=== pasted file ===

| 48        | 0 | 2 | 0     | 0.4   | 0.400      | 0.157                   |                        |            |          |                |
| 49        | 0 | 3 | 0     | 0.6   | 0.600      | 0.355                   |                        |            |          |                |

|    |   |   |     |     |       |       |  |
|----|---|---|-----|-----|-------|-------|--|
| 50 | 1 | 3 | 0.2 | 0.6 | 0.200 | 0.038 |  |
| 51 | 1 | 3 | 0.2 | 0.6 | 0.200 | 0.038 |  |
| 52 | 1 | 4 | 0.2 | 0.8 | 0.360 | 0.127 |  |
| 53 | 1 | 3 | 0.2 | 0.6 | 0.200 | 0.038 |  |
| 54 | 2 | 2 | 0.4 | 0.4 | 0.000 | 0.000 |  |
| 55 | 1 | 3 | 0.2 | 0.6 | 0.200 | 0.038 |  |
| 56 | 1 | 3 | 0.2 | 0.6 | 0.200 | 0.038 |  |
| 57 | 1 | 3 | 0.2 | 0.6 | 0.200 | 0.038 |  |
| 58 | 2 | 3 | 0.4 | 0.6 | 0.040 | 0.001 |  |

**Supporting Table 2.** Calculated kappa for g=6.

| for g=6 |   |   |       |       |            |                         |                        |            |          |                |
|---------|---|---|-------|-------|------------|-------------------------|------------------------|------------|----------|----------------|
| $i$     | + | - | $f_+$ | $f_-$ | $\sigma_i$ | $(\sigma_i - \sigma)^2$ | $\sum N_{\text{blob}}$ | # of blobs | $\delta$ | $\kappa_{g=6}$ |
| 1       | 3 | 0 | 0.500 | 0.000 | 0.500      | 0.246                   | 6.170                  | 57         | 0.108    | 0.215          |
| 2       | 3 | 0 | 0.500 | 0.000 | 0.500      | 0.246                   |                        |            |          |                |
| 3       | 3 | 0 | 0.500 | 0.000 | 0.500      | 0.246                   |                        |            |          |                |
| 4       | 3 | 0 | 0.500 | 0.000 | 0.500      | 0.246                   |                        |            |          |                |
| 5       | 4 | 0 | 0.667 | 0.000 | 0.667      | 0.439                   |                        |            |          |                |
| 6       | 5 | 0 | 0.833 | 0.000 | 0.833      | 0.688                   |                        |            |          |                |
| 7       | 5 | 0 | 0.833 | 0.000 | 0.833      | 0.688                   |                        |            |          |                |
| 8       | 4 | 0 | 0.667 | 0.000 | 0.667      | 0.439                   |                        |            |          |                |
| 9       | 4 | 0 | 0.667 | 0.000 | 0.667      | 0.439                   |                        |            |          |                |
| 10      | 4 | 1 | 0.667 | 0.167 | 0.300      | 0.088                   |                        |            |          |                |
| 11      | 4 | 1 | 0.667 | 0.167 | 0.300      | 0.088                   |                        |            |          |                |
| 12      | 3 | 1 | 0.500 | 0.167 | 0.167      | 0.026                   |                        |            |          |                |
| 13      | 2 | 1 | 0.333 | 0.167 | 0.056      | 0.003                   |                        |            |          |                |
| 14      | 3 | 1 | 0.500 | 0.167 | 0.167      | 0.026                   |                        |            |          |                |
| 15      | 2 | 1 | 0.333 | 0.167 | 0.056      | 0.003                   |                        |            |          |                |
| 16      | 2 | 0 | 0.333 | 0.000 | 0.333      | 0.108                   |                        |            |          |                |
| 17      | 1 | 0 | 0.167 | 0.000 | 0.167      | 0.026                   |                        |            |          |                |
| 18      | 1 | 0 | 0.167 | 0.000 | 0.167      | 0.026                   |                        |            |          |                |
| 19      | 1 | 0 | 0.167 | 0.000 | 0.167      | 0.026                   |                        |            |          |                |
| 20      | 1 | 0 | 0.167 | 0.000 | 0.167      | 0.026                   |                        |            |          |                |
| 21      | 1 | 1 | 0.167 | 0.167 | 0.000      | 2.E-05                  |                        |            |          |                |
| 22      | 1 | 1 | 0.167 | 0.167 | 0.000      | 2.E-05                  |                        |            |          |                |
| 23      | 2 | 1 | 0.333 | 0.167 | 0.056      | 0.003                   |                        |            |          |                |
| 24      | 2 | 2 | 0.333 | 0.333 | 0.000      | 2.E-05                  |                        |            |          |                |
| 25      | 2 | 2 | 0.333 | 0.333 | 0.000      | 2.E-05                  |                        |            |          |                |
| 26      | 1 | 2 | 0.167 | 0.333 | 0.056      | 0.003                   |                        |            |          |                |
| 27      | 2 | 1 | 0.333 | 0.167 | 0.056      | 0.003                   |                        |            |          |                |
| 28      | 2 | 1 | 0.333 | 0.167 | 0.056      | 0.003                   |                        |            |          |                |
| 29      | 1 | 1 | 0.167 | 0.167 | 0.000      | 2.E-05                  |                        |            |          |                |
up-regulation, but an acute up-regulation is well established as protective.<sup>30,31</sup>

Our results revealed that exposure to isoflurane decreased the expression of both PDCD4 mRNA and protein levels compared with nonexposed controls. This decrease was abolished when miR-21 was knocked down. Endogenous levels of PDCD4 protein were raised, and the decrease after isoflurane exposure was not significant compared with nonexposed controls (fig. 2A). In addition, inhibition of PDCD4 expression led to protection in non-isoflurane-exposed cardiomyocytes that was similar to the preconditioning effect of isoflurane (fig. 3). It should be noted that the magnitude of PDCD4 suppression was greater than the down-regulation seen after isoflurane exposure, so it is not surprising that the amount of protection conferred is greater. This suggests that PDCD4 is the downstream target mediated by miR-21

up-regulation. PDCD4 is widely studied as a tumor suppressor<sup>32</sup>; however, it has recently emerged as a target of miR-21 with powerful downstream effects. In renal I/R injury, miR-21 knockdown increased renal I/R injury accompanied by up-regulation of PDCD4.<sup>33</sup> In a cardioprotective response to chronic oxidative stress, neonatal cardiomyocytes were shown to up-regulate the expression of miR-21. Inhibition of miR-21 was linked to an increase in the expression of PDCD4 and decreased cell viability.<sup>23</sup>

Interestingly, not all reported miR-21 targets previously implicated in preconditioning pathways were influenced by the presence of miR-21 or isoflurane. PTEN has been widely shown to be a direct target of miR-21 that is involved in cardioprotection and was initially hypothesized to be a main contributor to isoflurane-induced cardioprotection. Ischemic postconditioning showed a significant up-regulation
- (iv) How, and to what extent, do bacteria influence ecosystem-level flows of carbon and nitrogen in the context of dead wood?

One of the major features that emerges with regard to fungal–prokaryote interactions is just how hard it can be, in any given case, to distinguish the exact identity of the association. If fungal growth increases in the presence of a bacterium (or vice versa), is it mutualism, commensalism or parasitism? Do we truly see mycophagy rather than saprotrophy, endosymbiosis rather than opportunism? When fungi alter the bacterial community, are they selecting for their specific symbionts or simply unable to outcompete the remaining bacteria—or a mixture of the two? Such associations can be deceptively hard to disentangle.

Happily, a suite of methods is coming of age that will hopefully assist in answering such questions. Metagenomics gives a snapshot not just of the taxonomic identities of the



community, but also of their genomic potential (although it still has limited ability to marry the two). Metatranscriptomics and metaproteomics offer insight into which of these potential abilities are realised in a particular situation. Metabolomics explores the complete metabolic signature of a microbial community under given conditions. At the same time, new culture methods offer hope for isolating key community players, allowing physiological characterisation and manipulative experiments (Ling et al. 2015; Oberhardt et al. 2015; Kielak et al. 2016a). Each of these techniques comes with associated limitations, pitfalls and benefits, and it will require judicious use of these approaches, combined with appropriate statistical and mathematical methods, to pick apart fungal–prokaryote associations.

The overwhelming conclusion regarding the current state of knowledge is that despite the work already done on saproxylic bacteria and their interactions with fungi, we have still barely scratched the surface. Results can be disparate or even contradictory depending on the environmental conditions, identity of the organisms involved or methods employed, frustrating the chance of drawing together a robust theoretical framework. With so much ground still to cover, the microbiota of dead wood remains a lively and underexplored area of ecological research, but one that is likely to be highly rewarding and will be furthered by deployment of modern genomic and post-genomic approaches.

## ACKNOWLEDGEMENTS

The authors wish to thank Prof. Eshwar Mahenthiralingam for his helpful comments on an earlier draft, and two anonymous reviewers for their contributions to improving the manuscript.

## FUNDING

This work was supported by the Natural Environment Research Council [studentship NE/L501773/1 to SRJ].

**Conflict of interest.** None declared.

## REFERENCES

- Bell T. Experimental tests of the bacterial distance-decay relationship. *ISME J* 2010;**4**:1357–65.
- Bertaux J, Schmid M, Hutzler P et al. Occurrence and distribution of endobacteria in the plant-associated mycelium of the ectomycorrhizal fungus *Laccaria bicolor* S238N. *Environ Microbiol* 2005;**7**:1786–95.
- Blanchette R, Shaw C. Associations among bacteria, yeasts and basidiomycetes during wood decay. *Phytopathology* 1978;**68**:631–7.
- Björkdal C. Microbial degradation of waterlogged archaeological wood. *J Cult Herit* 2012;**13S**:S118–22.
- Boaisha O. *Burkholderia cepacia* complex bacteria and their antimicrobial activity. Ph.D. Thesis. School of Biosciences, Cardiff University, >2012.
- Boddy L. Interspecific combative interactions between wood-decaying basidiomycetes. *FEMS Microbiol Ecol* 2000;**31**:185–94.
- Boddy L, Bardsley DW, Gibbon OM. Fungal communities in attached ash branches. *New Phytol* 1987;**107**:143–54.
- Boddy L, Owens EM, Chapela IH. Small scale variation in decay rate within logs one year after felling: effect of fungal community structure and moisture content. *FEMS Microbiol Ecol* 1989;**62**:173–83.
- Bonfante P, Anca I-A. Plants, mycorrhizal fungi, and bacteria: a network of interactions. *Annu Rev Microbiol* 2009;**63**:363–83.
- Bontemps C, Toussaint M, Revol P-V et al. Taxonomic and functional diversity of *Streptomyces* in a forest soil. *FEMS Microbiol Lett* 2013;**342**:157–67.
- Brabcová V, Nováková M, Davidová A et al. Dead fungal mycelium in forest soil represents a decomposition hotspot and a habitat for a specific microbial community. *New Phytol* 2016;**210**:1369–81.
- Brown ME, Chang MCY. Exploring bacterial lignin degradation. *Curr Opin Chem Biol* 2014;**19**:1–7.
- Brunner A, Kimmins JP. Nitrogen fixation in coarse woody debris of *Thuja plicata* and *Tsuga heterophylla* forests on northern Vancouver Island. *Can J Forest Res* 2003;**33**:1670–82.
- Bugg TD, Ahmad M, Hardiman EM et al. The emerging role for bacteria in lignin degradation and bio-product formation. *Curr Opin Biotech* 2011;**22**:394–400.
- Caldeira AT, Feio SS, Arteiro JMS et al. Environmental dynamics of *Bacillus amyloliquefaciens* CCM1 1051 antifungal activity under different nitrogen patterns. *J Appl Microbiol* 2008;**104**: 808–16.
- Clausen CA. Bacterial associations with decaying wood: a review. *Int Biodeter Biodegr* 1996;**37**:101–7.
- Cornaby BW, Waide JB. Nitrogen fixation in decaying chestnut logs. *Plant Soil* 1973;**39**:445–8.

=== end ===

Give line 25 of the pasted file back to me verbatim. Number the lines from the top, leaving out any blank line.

| 8       | 4 | 0 | 0.667 | 0.000 | 0.667      | 0.439                   |                        |            |          |                |